Columns / Discourse / April 10, 2019

Pillowtalk: This is your cheat-sheet for birth control

Hi Pillowtalk,

 

I’ve been thinking about getting birth control for awhile but I don’t know what kind to ask for and as a trans person, clinics make me uncomfortable, so I want to be prepared. I’m really bad at taking pills every day, I don’t want anything with estrogen in it, and I’d like to not bleed every month. Is there anything out there for me?

 

Yes! Birth control is one of the most globally sought-after prescriptions, for many reasons other than contraception. There are lots of options other than pills, and plenty of non-estrogen possibilities. Some types of birth control are better at stopping bleeding than others, but it might end up as a trial-and-error process depending on your body and cycle. Even so, you have some strong contenders!

I’ll flesh out most of the birth control options on the market right now below, and you can pick from the lot.

Pills are the most common birth control, but they tend to have an armful of side effects, have to be taken on time every day, and can conflict with some other oral medicines (ask your doctor!). The “standard” pill is estrogen based, and the “mini” pill is non-estrogen based. Both are fairly effective at stopping bleeding if you skip the placebo week! Emergency contraceptive pills are one time use, non-estrogen based, and only work WITHIN 72 HOURS.

The patch is a subtle adhesive skin patch that’s replaced weekly. It can be hard to peel off, and it usually only comes in one color (say hello to racist medical practices). It is estrogen-based and isn’t particularly helpful with stopping bleeding.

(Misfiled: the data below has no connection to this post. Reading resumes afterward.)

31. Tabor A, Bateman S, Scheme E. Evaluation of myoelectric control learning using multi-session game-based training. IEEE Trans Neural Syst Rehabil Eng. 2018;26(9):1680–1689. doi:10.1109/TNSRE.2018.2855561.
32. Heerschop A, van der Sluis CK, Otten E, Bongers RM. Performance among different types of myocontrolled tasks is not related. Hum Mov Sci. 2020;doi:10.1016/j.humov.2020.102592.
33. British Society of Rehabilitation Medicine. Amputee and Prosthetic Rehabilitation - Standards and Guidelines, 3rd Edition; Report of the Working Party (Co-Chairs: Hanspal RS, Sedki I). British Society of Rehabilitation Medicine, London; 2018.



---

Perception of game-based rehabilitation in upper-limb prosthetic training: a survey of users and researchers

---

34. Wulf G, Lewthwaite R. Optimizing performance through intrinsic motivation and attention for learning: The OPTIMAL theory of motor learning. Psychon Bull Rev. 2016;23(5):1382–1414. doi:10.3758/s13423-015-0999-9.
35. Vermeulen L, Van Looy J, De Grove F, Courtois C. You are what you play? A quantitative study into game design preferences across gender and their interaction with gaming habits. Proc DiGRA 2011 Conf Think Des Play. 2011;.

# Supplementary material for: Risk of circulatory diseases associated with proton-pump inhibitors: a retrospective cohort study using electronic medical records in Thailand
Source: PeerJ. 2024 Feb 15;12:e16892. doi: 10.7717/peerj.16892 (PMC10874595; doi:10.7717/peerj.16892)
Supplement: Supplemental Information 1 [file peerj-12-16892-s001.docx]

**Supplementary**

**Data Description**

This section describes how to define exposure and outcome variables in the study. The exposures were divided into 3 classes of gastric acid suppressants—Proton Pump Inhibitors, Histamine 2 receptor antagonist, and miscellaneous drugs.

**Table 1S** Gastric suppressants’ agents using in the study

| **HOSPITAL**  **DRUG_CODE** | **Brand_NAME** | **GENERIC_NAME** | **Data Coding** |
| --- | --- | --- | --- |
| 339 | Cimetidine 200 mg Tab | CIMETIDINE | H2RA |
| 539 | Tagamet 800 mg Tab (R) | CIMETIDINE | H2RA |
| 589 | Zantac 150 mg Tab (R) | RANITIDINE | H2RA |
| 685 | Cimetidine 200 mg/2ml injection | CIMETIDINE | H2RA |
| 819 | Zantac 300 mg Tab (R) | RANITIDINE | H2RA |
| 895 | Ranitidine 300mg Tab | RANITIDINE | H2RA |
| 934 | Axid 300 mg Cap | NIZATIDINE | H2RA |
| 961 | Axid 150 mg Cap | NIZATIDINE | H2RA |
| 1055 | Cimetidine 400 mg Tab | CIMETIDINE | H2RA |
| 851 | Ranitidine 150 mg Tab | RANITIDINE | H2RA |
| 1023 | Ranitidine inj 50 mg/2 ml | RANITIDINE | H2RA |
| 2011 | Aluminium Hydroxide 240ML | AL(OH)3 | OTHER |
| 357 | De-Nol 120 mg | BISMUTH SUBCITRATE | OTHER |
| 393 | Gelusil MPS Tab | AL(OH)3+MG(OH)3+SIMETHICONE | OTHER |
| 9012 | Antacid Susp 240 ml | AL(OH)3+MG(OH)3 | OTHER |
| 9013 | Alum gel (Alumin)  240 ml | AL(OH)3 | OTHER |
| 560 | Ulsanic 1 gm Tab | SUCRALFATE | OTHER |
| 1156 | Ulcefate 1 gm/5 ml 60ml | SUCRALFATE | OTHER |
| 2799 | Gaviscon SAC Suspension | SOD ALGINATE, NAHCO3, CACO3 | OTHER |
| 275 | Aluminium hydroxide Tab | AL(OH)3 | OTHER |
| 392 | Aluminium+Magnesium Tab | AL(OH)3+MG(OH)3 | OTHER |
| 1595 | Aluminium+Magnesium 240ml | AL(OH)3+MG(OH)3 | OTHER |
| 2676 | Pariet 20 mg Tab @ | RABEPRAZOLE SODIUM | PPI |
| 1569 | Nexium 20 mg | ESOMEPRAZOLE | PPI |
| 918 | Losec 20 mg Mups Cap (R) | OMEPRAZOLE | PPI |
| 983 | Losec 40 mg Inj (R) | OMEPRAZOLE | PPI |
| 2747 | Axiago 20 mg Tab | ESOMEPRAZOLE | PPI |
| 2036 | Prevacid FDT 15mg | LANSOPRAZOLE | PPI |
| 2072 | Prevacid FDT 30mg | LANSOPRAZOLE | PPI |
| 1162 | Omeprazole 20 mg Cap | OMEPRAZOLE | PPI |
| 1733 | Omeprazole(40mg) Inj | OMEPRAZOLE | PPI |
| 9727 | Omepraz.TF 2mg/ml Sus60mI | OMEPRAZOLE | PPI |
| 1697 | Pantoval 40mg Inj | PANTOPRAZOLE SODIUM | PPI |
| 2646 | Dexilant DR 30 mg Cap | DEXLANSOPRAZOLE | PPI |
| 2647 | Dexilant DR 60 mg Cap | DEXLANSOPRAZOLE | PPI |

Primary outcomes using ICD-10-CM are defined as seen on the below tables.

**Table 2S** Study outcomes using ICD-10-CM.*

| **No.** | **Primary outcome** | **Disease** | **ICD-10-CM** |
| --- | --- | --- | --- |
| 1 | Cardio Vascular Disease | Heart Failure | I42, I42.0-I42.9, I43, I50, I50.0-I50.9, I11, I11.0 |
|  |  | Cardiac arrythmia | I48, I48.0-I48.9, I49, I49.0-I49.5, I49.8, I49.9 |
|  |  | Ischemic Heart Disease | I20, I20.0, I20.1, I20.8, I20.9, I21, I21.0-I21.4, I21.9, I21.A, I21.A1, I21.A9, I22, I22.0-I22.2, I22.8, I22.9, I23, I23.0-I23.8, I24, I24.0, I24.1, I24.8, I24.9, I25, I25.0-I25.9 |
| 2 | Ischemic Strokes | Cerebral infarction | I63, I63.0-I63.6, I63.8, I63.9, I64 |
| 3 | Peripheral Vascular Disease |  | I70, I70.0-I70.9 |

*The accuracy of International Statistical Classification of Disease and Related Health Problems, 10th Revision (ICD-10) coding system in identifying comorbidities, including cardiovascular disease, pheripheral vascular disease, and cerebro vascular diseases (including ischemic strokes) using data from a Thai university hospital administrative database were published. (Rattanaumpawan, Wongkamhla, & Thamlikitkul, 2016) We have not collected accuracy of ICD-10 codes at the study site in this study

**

The ring is a small, flexible silicone ring (touch your index finger to your thumb and that’s about the size) that’s inserted like a tampon into the vagina. It stays there for 21-30 days before being replaced by another. It can be taken out for sex and replaced, and skipping the “break” period between rings can help stop bleeding (though it’s recommended you take a break at least every 3 months). It is estrogen-based.

The shot is just that: an injection that’s administered in a clinic every 3 months. It’s fairly good at stopping bleeding, but it is also estrogen-based.

Intrauterine devices or IUDs are small (0.5 -1 inch) T-shaped objects inserted into the uterus by a doctor. The procedure is non-surgical and usually about 5-10 minutes long, but it can be painful. There are three main options for IUDs: the copper IUD, which is larger, non-hormonal, and lasts 10 years; and the “Mirena” and “Kyleena” which are both non-estrogen based hormonal options and last for five years (the “Kyleena” is a little smaller). All can help stop bleeding, but it depends on the person.

The implant is a small, 0.5 inch plastic stick inserted into the upper arm by a doctor in a non-surgical, short procedure. It can stay for up to 3 years, is non-estrogen based, and is one of the most effective at stopping bleeding; however, it comes with a long list of potential side-effects.

Other options include spermicide, which is a cream inserted into the vagina to kill sperm (NOT recommended, as it can cause yeast infections and is only around 75 percent effective), and standard barrier methods like condoms and diaphragms. Please use barrier methods in combination with any other type of birth control! They are the ONLY form of birth control that protects against STIs and HIV.

Most doctors, including primary care physicians and HRT providers, also have access to this information and have the ability to prescribe birth control. Family Planning Service of Western Illinois is right on Main Street here in Galesburg, and (while not perfect) does have experience with trans patients. Like all prescriptions, birth control has to be tailored to each body individually, so remember: be patient!

 

To suggest future Pillowtalk topics or to ask questions that will be answered anonymously, email sex.ed.answers@gmail.com.

 

Elleri Scriver

Tags:  birth control Pillowtalk sex education

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